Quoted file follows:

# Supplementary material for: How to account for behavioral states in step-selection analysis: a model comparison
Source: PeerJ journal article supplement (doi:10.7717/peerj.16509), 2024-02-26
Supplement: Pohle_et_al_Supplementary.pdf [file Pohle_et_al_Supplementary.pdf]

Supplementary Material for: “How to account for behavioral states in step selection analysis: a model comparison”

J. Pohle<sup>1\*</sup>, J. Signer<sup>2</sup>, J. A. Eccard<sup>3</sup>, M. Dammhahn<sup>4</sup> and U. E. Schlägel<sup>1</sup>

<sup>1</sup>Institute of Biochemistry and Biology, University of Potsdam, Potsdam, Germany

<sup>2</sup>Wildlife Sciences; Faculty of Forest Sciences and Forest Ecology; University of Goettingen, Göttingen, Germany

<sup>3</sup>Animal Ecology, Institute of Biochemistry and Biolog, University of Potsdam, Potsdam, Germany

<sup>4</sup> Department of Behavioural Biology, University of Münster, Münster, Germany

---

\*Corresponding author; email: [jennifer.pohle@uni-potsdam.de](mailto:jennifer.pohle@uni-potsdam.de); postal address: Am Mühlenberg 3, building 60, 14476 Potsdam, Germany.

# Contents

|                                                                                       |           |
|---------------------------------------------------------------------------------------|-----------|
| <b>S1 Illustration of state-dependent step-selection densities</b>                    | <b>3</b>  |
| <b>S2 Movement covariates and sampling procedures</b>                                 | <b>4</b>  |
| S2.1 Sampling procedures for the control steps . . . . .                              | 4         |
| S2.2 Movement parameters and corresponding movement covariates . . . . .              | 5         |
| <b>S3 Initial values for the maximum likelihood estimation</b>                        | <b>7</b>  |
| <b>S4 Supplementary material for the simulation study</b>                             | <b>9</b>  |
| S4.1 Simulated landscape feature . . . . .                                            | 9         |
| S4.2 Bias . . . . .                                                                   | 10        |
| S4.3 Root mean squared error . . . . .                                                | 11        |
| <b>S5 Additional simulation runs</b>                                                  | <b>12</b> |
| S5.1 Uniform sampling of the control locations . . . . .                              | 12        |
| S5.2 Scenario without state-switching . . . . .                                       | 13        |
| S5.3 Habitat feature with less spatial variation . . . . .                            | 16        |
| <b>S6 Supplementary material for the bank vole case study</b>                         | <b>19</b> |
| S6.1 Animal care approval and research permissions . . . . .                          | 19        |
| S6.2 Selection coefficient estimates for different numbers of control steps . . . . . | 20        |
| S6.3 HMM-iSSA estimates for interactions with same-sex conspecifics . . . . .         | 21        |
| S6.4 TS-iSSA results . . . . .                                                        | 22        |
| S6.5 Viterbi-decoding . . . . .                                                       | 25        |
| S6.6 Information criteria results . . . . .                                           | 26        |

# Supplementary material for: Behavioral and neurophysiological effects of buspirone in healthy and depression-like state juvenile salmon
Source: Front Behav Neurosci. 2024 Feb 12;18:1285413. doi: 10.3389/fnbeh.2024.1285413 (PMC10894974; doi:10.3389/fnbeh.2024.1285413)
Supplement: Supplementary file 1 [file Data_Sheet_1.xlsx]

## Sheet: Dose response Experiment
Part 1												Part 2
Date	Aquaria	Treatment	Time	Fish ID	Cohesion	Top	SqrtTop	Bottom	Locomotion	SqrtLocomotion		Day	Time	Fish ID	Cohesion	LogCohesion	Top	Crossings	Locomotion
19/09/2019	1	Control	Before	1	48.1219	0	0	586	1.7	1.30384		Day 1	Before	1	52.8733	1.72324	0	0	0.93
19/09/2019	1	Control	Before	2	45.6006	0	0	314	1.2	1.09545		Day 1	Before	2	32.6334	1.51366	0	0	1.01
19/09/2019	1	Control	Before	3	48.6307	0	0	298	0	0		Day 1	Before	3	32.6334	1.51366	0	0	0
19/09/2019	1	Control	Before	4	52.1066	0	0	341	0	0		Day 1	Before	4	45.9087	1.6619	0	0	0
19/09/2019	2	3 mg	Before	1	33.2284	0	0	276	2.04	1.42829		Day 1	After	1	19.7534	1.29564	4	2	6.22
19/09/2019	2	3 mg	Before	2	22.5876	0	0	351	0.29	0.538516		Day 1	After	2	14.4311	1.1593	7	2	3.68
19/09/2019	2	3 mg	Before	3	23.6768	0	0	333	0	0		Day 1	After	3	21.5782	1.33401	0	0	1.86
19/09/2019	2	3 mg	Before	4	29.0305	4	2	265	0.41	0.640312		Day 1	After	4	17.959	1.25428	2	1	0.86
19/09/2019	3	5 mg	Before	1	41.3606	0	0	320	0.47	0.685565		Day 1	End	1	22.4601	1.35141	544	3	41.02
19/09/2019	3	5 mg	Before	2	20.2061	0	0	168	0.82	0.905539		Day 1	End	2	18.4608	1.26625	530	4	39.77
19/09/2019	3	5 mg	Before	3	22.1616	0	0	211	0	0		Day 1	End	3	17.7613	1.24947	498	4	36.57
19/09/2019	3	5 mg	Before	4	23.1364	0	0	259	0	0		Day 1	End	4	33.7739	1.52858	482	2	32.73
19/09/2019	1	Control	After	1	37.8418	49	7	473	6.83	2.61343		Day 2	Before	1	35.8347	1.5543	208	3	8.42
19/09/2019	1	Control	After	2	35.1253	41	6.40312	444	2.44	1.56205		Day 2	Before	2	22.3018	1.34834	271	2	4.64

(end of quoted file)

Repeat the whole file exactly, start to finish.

# Supplementary material for: How to account for behavioral states in step-selection analysis: a model comparison
Source: PeerJ journal article supplement (doi:10.7717/peerj.16509), 2024-02-26
Supplement: Pohle_et_al_Supplementary.pdf [file Pohle_et_al_Supplementary.pdf]

Supplementary Material for: “How to account for behavioral states in step selection analysis: a model comparison”

J. Pohle<sup>1\*</sup>, J. Signer<sup>2</sup>, J. A. Eccard<sup>3</sup>, M. Dammhahn<sup>4</sup> and U. E. Schlägel<sup>1</sup>

<sup>1</sup>Institute of Biochemistry and Biology, University of Potsdam, Potsdam, Germany

<sup>2</sup>Wildlife Sciences; Faculty of Forest Sciences and Forest Ecology; University of Goettingen, Göttingen, Germany

<sup>3</sup>Animal Ecology, Institute of Biochemistry and Biolog, University of Potsdam, Potsdam, Germany

<sup>4</sup> Department of Behavioural Biology, University of Münster, Münster, Germany

---

\*Corresponding author; email: [jennifer.pohle@uni-potsdam.de](mailto:jennifer.pohle@uni-potsdam.de); postal address: Am Mühlenberg 3, building 60, 14476 Potsdam, Germany.

# Contents

|                                                                                       |           |
|---------------------------------------------------------------------------------------|-----------|
| <b>S1 Illustration of state-dependent step-selection densities</b>                    | <b>3</b>  |
| <b>S2 Movement covariates and sampling procedures</b>                                 | <b>4</b>  |
| S2.1 Sampling procedures for the control steps . . . . .                              | 4         |
| S2.2 Movement parameters and corresponding movement covariates . . . . .              | 5         |
| <b>S3 Initial values for the maximum likelihood estimation</b>                        | <b>7</b>  |
| <b>S4 Supplementary material for the simulation study</b>                             | <b>9</b>  |
| S4.1 Simulated landscape feature . . . . .                                            | 9         |
| S4.2 Bias . . . . .                                                                   | 10        |
| S4.3 Root mean squared error . . . . .                                                | 11        |
| <b>S5 Additional simulation runs</b>                                                  | <b>12</b> |
| S5.1 Uniform sampling of the control locations . . . . .                              | 12        |
| S5.2 Scenario without state-switching . . . . .                                       | 13        |
| S5.3 Habitat feature with less spatial variation . . . . .                            | 16        |
| <b>S6 Supplementary material for the bank vole case study</b>                         | <b>19</b> |
| S6.1 Animal care approval and research permissions . . . . .                          | 19        |
| S6.2 Selection coefficient estimates for different numbers of control steps . . . . . | 20        |
| S6.3 HMM-iSSA estimates for interactions with same-sex conspecifics . . . . .         | 21        |
| S6.4 TS-iSSA results . . . . .                                                        | 22        |
| S6.5 Viterbi-decoding . . . . .                                                       | 25        |
| S6.6 Information criteria results . . . . .                                           | 26        |

# Supplementary material for: Behavioral and neurophysiological effects of buspirone in healthy and depression-like state juvenile salmon
Source: Front Behav Neurosci. 2024 Feb 12;18:1285413. doi: 10.3389/fnbeh.2024.1285413 (PMC10894974; doi:10.3389/fnbeh.2024.1285413)
Supplement: Supplementary file 1 [file Data_Sheet_1.xlsx]

## Sheet: Dose response Experiment
Part 1												Part 2
Date	Aquaria	Treatment	Time	Fish ID	Cohesion	Top	SqrtTop	Bottom	Locomotion	SqrtLocomotion		Day	Time	Fish ID	Cohesion	LogCohesion	Top	Crossings	Locomotion
19/09/2019	1	Control	Before	1	48.1219	0	0	586	1.7	1.30384		Day 1	Before	1	52.8733	1.72324	0	0	0.93
19/09/2019	1	Control	Before	2	45.6006	0	0	314	1.2	1.09545		Day 1	Before	2	32.6334	1.51366	0	0	1.01
19/09/2019	1	Control	Before	3	48.6307	0	0	298	0	0		Day 1	Before	3	32.6334	1.51366	0	0	0
19/09/2019	1	Control	Before	4	52.1066	0	0	341	0	0		Day 1	Before	4	45.9087	1.6619	0	0	0
19/09/2019	2	3 mg	Before	1	33.2284	0	0	276	2.04	1.42829		Day 1	After	1	19.7534	1.29564	4	2	6.22
19/09/2019	2	3 mg	Before	2	22.5876	0	0	351	0.29	0.538516		Day 1	After	2	14.4311	1.1593	7	2	3.68
19/09/2019	2	3 mg	Before	3	23.6768	0	0	333	0	0		Day 1	After	3	21.5782	1.33401	0	0	1.86
19/09/2019	2	3 mg	Before	4	29.0305	4	2	265	0.41	0.640312		Day 1	After	4	17.959	1.25428	2	1	0.86
19/09/2019	3	5 mg	Before	1	41.3606	0	0	320	0.47	0.685565		Day 1	End	1	22.4601	1.35141	544	3	41.02
19/09/2019	3	5 mg	Before	2	20.2061	0	0	168	0.82	0.905539		Day 1	End	2	18.4608	1.26625	530	4	39.77
19/09/2019	3	5 mg	Before	3	22.1616	0	0	211	0	0		Day 1	End	3	17.7613	1.24947	498	4	36.57
19/09/2019	3	5 mg	Before	4	23.1364	0	0	259	0	0		Day 1	End	4	33.7739	1.52858	482	2	32.73
19/09/2019	1	Control	After	1	37.8418	49	7	473	6.83	2.61343		Day 2	Before	1	35.8347	1.5543	208	3	8.42
19/09/2019	1	Control	After	2	35.1253	41	6.40312	444	2.44	1.56205		Day 2	Before	2	22.3018	1.34834	271	2	4.64